“Any tech platform should set aside a certain budget – it can be infinitesimally small, given their turnover, but they should have to allocate for it, to provide for the preservation of content on their platforms. Moore’s Law makes this exceedingly affordable over time,” says McCullough.
But we must also remember that from a legal perspective these (mostly free) social media services don’t have a duty to preserve our digital memories. By using them we also agree to terms and conditions that include the loss of our data if the service shuts down. Case in point: Geocities, Bebo, MySpace, Storify, Google Video, Twitpic, Vine, Yahoo! Podcasts, del.ic.ious, the list goes on and on.
Terms and conditions
The question is not about who really owns the user content on all these sites; the question is what the user is paying for, says Dr Rónán Kennedy, lecturer and researcher with the Faculty of Law at NUI Galway. Are we paying for long term storage or is the service even promising this?
“Some of these online social media sites like to give the impression that they are essentially public spaces, but they are not. They are private spaces and entry into them is governed by contract. I do completely understand that there is this balance in terms of bargaining power between the end user and the big multinational social media company but that’s the way contract law works,” explains Kennedy.
“You’re assumed to have read the terms and conditions. Not that I am not sympathetic: these users, myself included, have clicked on a box that says ‘I have read and understood the terms and conditions’ without actually having read and understood the terms and conditions. And many of these services are free and there is an element of ‘you get what you pay for’ at the end of the day. And for people who have lost data important to them this is difficult.”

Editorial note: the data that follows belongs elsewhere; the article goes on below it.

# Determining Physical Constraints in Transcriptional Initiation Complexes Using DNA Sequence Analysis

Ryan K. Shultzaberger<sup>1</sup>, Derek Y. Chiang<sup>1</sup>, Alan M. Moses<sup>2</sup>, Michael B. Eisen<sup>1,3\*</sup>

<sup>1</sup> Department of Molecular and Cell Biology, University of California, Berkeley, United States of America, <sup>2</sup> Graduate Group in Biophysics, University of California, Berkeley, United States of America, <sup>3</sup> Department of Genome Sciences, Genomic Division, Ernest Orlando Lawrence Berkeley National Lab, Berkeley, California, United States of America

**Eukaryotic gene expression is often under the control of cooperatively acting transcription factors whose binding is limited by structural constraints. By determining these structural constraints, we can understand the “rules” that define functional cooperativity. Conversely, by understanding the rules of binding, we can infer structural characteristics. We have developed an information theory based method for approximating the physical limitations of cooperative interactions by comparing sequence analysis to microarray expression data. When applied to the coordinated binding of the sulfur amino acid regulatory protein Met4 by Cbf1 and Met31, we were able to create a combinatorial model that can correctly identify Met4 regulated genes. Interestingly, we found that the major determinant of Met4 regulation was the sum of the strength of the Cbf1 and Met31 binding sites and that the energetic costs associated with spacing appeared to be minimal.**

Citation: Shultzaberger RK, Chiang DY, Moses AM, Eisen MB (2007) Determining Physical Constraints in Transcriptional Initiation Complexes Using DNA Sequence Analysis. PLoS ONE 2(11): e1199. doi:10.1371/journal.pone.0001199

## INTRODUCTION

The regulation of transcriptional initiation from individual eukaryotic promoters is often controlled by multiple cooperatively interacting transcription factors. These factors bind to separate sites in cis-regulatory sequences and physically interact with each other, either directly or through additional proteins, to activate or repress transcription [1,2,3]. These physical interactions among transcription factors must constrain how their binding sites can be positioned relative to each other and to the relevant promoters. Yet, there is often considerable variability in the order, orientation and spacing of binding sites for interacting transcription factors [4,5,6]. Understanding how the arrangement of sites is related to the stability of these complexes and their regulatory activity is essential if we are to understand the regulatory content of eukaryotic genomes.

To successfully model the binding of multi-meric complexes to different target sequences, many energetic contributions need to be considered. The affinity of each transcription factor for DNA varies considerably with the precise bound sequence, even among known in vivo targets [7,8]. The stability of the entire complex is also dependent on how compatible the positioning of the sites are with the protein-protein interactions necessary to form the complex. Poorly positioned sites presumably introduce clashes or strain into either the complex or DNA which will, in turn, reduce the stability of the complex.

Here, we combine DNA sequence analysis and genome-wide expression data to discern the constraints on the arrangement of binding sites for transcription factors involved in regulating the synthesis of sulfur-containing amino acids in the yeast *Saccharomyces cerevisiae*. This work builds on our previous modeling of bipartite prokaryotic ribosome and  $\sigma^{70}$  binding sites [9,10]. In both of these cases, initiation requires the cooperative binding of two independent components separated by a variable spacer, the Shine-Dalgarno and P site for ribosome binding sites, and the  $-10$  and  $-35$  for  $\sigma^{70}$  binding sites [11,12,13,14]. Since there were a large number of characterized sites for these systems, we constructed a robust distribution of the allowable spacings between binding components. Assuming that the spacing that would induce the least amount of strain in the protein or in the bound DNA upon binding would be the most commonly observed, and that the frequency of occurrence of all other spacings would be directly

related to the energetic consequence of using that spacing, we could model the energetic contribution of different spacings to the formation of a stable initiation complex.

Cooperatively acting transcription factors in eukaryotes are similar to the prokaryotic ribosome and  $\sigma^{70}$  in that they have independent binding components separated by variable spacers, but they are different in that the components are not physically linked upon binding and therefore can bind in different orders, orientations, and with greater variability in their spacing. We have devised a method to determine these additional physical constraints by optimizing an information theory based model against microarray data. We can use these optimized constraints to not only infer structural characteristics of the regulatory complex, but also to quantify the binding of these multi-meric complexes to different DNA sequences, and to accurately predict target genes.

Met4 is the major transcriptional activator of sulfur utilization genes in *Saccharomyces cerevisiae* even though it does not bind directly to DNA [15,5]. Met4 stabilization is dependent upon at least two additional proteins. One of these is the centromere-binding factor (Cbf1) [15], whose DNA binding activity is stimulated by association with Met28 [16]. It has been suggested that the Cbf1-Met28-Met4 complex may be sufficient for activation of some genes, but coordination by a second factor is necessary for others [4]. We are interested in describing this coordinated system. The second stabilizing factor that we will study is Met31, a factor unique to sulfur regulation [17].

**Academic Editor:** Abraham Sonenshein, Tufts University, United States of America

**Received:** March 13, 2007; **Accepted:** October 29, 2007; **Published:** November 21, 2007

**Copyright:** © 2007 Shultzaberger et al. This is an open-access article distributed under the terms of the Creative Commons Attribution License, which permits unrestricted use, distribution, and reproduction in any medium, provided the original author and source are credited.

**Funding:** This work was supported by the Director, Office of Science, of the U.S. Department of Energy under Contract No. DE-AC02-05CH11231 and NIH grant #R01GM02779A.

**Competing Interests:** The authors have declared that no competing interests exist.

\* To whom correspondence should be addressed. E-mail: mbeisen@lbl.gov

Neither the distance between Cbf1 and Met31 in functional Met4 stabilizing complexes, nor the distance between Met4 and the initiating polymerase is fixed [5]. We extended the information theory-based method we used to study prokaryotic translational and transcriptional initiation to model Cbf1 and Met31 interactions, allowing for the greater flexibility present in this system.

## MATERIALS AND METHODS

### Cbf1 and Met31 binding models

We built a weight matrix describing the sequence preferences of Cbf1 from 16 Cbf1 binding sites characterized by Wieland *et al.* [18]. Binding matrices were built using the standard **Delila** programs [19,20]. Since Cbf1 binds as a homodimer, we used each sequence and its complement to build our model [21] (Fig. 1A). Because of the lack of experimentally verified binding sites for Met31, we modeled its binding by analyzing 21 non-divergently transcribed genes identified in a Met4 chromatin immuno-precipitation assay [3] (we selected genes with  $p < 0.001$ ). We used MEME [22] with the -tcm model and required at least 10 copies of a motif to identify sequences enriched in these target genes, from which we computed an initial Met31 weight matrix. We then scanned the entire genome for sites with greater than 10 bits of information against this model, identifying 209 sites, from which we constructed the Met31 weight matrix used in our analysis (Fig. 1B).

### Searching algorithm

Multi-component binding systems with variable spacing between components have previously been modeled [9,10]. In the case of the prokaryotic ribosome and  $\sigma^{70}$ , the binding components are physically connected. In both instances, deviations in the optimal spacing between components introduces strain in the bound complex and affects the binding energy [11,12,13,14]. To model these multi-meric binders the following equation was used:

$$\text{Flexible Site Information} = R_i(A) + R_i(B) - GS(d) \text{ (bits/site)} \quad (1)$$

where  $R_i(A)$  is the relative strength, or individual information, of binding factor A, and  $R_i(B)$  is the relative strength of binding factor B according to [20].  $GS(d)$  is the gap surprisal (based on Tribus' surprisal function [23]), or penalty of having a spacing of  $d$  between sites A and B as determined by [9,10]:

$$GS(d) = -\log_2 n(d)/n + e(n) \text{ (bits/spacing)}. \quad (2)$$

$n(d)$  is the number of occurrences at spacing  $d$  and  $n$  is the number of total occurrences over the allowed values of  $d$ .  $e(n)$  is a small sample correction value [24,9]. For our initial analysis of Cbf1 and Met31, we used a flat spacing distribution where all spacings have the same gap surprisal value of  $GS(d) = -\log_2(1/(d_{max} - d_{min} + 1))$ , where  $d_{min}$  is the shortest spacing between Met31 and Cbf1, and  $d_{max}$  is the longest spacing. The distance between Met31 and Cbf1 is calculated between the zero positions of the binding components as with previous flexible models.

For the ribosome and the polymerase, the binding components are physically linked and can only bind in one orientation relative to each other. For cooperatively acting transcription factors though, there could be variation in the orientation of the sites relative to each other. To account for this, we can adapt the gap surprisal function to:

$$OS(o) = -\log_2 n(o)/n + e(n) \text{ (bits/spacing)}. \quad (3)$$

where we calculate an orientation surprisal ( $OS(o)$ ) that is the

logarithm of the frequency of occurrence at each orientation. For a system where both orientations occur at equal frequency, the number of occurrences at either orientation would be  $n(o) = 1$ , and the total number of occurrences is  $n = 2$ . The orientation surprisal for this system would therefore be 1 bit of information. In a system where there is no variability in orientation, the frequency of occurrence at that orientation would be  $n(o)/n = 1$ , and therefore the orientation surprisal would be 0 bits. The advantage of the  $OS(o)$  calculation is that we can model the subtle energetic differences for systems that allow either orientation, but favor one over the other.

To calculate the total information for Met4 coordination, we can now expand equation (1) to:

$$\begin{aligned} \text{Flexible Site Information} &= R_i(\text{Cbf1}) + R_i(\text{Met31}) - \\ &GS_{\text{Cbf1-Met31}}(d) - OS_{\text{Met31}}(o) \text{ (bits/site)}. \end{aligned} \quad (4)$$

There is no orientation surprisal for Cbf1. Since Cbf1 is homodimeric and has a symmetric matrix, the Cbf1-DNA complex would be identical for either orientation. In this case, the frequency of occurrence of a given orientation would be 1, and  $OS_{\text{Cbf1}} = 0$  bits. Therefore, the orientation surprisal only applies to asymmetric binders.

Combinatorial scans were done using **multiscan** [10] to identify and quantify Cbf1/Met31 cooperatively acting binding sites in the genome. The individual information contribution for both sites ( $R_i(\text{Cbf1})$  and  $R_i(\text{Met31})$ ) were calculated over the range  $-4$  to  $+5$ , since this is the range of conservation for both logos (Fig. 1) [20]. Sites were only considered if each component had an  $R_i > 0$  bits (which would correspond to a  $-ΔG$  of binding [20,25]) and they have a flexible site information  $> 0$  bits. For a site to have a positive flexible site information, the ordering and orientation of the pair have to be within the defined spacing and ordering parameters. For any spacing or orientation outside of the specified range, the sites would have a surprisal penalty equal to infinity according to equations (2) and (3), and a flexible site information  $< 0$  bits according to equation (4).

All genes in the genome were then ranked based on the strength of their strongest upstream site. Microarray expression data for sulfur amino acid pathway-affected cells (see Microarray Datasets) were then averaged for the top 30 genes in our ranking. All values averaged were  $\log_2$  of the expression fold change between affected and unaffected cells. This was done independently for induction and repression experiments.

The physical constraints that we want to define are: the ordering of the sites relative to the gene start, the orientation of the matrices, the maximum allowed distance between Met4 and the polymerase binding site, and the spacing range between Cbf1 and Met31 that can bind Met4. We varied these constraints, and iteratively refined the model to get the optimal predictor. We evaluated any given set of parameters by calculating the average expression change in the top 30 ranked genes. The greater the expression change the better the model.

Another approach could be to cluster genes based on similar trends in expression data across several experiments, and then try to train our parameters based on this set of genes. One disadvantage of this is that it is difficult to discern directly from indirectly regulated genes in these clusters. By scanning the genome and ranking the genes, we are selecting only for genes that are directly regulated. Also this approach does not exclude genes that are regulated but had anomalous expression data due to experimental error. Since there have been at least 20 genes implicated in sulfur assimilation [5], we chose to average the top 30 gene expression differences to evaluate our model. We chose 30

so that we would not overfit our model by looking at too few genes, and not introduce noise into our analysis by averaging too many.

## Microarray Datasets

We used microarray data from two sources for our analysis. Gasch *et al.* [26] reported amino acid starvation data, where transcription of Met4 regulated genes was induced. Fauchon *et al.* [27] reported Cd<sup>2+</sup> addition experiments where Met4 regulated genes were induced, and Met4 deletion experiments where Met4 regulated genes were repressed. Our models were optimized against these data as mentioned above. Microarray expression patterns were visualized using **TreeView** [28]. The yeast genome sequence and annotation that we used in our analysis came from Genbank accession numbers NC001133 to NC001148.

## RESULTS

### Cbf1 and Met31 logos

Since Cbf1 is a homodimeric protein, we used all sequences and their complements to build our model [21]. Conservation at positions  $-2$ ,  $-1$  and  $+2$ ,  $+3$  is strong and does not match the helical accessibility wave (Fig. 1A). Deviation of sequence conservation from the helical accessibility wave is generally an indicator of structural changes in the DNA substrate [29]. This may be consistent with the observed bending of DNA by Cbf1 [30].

Going forward, it could become trivial to produce and store. Let’s lay the groundwork now
The internet, however, is still very young as a medium, explains Kennedy: “We’re just learning what works and what doesn’t. I do wonder if in five or ten years’ time if we will still be relying so much on free services because – indirectly related to what we’re talking about – there has been a lot of scandal lately around how social media data is used and abused.
“I think we’re beginning to look at all this now and think, well, it seems like it’s free, but there are other costs that are not financial. Whether or not that will lead to a reconsideration of ‘free’ as a model for the internet, I don’t know. I like free, everyone likes free. I think we’re starting to take a harder look at what it is we are getting for that ‘free’ .”